ANCHORAGE, Alaska (AP) — Both knees are shot, injected with synthetic cartilage until he can have surgery next summer. His right arm is still healing from a major operation to fix a staph infection. He continues to deal with other side effects of cancer.
But Lance Mackey is gunning for his fourth consecutive win in the 1,100-mile Iditarod Trail Sled Dog Race, which started Sunday in Willow.
Musher Paul Gebhardt of Kasilof was the first Monday to reach the checkpoint at Rainy Pass, about 224 miles beyond Anchorage. He arrived with all 16 dogs late Monday morning, and passed the first musher to leave the previous checkpoint in Finger Lake — Canadian Sebastian Schnuelle.
Going into the race, Mackey said his 16-dog team looked sharp, consisting of new youngsters and a core of veterans that are capable of beating 70 other teams to the finish line in Nome on Alaska’s western coast. The Fairbanks musher, whose father and brother are past Iditarod winners, said he feels as competitive as he’s been in the past, despite a host of health issues that make you wonder how he can even get to the trail.
“I know. A lot of people say the same thing,” he said. “But I make up mentally what I’m lacking a little bit physically.”
That motto could apply to his entire mushing career since he was diagnosed with throat cancer in 2001 and underwent extensive surgery as well as radiation treatment and the loss of his salivary glands. After returning to the sport he went on to become the only musher ever to win both the Iditarod and the 1,000-mile Yukon Quest International Sled Dog Race in the same year, taking about two weeks off between races. It’s a feat he has accomplished twice.
Mackey speaks openly about using medical marijuana on the trail as a post-cancer painkiller and appetite enhancer. He also talks about facing a misdemeanor count of marijuana possession after being found with a small amount at the Anchorage airport in January, after his medical marijuana card had expired.
For this race, he said he’s staying away from pot. That’s because the Iditarod for the first time is testing mushers for alcohol and illegal drugs, although a provision allowing testing has been on the rule books since 1984. Officials say exemptions include Marinol, a government-approved drug that contains the active ingredient in marijuana, but Mackey said he’s even laying off on his own prescription.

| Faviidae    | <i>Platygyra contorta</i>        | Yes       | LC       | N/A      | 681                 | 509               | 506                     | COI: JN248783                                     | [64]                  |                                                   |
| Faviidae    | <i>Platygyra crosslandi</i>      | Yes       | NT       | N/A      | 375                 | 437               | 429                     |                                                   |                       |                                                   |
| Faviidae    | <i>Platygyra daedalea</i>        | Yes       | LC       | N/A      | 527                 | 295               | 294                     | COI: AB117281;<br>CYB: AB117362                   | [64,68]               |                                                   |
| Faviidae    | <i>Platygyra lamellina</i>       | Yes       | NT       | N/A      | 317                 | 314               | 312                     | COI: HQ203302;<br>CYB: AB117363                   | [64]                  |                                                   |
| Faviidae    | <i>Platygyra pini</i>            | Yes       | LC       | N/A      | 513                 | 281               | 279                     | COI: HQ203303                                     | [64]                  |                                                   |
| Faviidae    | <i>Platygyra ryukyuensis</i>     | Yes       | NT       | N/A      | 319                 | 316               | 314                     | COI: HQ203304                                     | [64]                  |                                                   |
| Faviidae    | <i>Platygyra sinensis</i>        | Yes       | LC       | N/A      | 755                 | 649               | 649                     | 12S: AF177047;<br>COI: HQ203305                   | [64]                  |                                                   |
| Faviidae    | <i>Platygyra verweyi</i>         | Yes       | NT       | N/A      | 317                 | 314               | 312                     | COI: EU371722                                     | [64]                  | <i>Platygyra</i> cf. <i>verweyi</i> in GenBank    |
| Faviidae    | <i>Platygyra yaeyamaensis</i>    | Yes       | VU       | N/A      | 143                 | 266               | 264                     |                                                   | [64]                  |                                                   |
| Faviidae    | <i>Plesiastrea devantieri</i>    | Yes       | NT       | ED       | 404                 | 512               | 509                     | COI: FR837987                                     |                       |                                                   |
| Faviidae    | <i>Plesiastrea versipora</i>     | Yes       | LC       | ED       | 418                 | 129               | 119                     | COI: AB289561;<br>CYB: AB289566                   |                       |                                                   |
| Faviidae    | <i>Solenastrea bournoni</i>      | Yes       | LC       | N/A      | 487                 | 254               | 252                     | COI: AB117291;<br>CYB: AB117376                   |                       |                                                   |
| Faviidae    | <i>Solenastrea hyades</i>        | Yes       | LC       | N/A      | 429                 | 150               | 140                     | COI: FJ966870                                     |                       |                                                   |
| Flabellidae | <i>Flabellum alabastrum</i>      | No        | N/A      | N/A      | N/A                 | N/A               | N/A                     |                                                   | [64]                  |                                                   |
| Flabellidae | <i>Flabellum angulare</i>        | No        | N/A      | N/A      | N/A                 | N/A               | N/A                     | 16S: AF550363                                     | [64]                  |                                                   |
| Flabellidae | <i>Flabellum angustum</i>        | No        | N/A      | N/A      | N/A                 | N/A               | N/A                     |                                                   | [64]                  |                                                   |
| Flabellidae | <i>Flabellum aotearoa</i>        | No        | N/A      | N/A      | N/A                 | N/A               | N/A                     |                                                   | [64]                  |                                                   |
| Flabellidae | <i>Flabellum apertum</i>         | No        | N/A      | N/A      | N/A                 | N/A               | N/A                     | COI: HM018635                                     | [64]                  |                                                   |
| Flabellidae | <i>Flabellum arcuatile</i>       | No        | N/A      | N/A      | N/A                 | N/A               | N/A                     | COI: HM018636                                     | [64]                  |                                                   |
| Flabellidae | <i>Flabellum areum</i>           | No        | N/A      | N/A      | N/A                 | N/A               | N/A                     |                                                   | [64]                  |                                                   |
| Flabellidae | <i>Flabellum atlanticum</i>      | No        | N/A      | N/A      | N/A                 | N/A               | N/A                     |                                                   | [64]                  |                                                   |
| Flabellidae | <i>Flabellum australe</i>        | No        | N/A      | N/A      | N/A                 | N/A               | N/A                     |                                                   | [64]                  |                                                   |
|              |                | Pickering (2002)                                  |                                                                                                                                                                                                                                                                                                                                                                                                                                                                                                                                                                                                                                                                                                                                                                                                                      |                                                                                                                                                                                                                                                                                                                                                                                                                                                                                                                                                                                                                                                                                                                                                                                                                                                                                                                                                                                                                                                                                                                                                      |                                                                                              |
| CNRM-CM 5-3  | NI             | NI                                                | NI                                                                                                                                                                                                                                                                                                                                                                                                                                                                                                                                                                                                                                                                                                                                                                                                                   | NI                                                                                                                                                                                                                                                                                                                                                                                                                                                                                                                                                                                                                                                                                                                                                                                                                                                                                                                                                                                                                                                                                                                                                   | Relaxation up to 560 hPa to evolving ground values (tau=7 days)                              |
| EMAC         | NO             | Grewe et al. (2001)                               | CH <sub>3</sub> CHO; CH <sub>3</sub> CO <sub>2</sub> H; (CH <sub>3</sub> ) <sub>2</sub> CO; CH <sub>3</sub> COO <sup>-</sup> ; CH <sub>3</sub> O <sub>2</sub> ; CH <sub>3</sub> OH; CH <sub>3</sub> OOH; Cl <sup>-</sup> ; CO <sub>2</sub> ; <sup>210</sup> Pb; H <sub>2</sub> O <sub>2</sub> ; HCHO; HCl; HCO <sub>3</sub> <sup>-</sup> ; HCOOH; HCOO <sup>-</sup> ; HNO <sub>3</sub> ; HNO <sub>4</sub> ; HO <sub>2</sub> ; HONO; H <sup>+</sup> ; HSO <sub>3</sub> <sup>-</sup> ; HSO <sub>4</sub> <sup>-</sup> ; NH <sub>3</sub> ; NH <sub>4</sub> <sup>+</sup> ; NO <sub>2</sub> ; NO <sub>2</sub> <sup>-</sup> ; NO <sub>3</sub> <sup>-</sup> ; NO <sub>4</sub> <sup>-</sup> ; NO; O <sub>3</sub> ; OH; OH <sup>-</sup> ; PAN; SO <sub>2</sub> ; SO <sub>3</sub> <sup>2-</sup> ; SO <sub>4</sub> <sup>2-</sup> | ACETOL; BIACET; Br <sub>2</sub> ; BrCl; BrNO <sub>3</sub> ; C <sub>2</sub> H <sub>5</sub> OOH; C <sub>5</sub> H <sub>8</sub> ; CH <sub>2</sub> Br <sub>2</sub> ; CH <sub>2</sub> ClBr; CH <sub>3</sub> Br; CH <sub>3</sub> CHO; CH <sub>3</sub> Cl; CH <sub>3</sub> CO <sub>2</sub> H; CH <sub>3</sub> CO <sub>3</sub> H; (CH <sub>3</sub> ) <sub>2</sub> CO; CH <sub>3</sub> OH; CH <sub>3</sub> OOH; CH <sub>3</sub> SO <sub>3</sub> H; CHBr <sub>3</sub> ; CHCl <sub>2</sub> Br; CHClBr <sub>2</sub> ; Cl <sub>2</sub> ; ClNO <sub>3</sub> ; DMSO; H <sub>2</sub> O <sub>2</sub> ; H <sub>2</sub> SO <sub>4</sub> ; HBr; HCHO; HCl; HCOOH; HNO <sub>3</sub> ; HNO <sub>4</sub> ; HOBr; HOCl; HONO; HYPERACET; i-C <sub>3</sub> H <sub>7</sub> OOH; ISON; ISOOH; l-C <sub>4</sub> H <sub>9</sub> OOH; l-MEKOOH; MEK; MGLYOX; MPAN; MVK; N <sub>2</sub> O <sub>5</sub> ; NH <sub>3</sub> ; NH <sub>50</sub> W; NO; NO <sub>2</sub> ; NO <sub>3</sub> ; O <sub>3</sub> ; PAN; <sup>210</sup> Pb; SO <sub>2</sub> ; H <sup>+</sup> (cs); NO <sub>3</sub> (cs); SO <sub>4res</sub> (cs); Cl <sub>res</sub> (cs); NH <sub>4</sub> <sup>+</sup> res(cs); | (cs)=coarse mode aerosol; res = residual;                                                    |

Mackey believes the policy is directed at him. He said other competitors have complained that pot has given him an advantage.
“We’re going to prove some people wrong,” he said. “The dogs are the ones doing all the work, for the most part. I don’t see much of an argument beyond that.”
Stan Hooley, executive director of the Iditarod Trail Committee, said it would be “hard to deny” speculation that the implementation is targeted at Mackey.
“There’s been a lot of rumors, a lot of innuendo over the years and our organizational response to this was, ‘Well, you know what? Let’s implement a drug testing program and find out just what is happening or, or hopefully not happening,'” Hooley said.
Yukon Quest rules don’t specifically address drug use among mushers.
Mackey has won that race four times in a row. In February, he came in second by about an hour. But he considers the winner, 51-year-old Canadian Hans Gatt, a lesser rival in the Iditarod. The one he’s watching for is four-time Iditarod champion Jeff King.
“He’s always the team to beat, in my opinion,” Mackey said.
Gatt, who came in 10th in the Iditarod last year, also considers King a strong contender, noting the Denali Park musher’s outstanding team. There are other veterans to heed as well, he said, including perpetual front-runner John Baker of Kotzebue, who was third last year.
However it turns out, this looks like the last time fans will see Mackey and King squaring off in the Iditarod. King, 54, said he is running his final Iditarod.
Mackey said he’ll never run the Iditarod and Yukon Quest in the same year again. He skipped the 2009 Quest to mentor a musher and felt much better for the Iditarod. He ran both again this year even though he has been coaching a rookie from Jamaica, Newton Marshall.
“My body’s just getting beat up,” he said. “If I’m not having fun and my body’s not holding up, then I don’t see what the point is.”
Mackey plans to skip both the Iditarod and the Quest altogether next year. Instead he hopes to try out the lower 48 mushing circuit, including the 345-mile International Pedigree Stage Stop Sled Dog Race in Wyoming.
“Now, if I go and win the Iditarod this year, it’d be pretty hard not to go back,” he said.